Don’t let concern for family or friends allow you to fall prey to ‘grandparent scam’

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QUINCY — You might have heard of “phishing” phone calls or messages, where a scammer pretends to be someone from your bank, tech support or a government agency to get your personal info or money.

But what happens when you get a scam call that seems like it’s from someone you know?

Emergency scams, sometimes called grandparent scams, take advantage of a person’s concern for their friends and family.

You get an urgent call, voicemail or text message from someone claiming to be a loved one. They say they need money right away to get out of trouble, and they might provide convincing details like names of people you know or the school you went to.

In the “grandparent” version of this scam, fraudsters target older adults and impersonate their grandchildren over the phone to ask for money.

Emergency scams have been around for a long time – but more recent versions of the scam use messages that are generated by AI or made to sound like your loved one using voice cloning techniques making it difficult to tell if they’re really from someone you know.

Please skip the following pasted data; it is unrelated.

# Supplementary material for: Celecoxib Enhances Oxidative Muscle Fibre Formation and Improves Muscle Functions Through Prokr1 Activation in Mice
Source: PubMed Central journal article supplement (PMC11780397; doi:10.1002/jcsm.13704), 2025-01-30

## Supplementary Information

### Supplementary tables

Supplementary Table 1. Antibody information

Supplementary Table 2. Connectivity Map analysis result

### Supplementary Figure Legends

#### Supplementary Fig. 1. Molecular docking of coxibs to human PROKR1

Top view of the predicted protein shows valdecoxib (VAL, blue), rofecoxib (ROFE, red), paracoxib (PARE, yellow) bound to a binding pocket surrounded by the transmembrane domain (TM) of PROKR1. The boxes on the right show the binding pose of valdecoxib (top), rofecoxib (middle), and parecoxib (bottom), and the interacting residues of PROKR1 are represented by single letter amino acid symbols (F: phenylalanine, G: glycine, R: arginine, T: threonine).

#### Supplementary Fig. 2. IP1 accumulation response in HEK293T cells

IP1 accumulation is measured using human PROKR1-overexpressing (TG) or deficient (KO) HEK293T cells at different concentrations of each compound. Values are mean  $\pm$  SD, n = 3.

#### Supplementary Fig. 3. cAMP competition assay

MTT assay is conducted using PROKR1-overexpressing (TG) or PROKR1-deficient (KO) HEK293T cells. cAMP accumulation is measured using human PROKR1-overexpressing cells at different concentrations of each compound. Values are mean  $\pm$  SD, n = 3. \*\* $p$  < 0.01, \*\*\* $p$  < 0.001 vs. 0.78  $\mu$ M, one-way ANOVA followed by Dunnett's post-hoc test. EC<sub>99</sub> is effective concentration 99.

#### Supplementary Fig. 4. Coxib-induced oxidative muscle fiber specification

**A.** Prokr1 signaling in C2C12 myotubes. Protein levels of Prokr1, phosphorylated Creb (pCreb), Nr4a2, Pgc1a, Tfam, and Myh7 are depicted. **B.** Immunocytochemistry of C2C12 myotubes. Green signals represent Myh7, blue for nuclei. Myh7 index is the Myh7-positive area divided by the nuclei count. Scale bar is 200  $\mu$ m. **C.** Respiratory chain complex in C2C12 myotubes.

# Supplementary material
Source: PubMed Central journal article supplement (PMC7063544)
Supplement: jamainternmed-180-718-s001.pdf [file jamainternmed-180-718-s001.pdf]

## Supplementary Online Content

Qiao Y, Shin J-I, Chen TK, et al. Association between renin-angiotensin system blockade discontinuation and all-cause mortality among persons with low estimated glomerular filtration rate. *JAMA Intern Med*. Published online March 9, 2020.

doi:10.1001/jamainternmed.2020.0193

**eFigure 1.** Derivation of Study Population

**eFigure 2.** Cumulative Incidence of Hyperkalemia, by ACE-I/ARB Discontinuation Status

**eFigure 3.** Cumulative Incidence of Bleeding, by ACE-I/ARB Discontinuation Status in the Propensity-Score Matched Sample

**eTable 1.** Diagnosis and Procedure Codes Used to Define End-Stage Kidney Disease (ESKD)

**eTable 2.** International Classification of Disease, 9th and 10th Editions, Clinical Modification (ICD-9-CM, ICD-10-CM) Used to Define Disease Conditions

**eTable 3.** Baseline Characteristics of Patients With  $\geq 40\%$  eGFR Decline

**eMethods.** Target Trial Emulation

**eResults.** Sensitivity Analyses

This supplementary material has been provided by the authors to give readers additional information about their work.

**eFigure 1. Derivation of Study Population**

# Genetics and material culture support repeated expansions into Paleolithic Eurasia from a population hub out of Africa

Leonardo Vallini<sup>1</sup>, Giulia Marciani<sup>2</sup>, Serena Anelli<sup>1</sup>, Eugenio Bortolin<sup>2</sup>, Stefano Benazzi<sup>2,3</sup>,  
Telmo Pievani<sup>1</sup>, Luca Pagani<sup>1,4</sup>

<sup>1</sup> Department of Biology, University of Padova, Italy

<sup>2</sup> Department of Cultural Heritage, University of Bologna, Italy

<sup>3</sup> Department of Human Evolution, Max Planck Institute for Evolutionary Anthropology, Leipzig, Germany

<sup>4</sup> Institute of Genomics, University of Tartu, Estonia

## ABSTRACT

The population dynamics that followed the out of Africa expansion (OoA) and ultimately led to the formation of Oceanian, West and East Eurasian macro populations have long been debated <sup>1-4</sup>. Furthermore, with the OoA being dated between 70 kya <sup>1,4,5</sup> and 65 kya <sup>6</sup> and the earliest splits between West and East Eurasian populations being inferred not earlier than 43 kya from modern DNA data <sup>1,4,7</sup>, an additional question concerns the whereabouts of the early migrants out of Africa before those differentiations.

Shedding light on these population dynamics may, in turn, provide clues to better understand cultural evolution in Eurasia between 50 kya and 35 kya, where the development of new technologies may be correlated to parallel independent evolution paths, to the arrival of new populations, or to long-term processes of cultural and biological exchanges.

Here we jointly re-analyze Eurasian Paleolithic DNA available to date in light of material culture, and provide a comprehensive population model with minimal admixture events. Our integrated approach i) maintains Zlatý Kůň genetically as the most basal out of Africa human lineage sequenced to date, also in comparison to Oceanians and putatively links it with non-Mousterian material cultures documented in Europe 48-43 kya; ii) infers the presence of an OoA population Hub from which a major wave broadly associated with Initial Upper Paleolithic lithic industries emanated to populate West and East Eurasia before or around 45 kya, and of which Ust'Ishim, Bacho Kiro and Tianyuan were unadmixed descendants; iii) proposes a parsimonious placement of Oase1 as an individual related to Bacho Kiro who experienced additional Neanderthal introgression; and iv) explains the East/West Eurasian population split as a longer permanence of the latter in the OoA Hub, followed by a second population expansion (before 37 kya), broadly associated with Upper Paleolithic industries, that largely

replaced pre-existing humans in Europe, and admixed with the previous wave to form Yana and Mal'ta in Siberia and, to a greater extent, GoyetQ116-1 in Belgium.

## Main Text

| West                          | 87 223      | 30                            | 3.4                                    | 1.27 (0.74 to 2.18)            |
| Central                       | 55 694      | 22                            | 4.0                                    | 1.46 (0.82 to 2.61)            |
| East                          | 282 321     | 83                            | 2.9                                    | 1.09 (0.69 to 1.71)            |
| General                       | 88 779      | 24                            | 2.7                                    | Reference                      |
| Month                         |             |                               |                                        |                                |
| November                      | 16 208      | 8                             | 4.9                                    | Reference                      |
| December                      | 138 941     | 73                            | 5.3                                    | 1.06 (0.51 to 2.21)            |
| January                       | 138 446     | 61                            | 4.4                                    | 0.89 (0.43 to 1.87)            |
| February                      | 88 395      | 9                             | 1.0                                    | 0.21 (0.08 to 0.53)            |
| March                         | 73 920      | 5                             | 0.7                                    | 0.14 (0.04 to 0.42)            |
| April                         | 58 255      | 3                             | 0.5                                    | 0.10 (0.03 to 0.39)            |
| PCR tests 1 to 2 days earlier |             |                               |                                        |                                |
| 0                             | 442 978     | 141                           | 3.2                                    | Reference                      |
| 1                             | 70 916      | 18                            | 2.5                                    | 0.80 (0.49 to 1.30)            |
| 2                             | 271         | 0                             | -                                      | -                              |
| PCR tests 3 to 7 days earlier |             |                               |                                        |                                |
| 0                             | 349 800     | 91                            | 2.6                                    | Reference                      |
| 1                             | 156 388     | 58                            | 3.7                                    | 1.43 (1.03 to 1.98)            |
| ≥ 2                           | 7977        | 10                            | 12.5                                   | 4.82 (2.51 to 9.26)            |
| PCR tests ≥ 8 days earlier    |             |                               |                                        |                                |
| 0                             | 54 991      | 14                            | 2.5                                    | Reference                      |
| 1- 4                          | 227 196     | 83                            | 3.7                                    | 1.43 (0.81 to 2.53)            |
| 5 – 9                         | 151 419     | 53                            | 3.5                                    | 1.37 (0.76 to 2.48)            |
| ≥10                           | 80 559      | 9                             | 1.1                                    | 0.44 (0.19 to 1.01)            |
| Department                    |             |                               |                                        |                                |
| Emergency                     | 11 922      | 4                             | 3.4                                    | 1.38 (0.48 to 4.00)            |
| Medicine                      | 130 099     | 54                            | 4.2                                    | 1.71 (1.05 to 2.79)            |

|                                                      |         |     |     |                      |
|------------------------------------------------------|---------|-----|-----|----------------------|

If you’re not sure about a phone call or message, remember it’s okay to stop and double check, even if the person says it’s urgent.

What to do if you get an urgent call or message:

  • Stop and think before you react. If you’re scared or taken off guard, you may be less likely to notice that something isn’t right. Pause before acting and try to remain calm. Ask questions only the real person would know. If you need to collect your thoughts, there’s nothing wrong with hanging up and telling the person you will call them right back.
  • Double-check the source. Call the person directly (or ask someone you trust to call them) to double-check if they were really the one who contacted you. Check the caller ID on voicemails, but remember that caller ID can be spoofed.
  • Protect your information online. Scammers check your social media profiles to get personal details that they use to convince you their message is real. Be cautious about the information you put online and consider setting your social media profiles to private. Encourage your friends and family to do the same.
  • When in doubt, don’t send money. Trust your gut and don’t send money if you have any doubts about the situation, even if the person who contacted you says it’s urgent. Scammers will ask you to send money in ways that make it hard to get your money back – so if someone asks you to send money through a payment app, prepaid gift card, cryptocurrency or wire transfer, that’s a red flag.
  • Don’t answer your door. If you are told that someone will come to your home to pick up the money, don’t answer your door and call the police immediately.

Don O’Brien is the regional director for the Quincy Better Business Bureau. Contact him at dobrien@quincybbb.org or (217) 209-3972.

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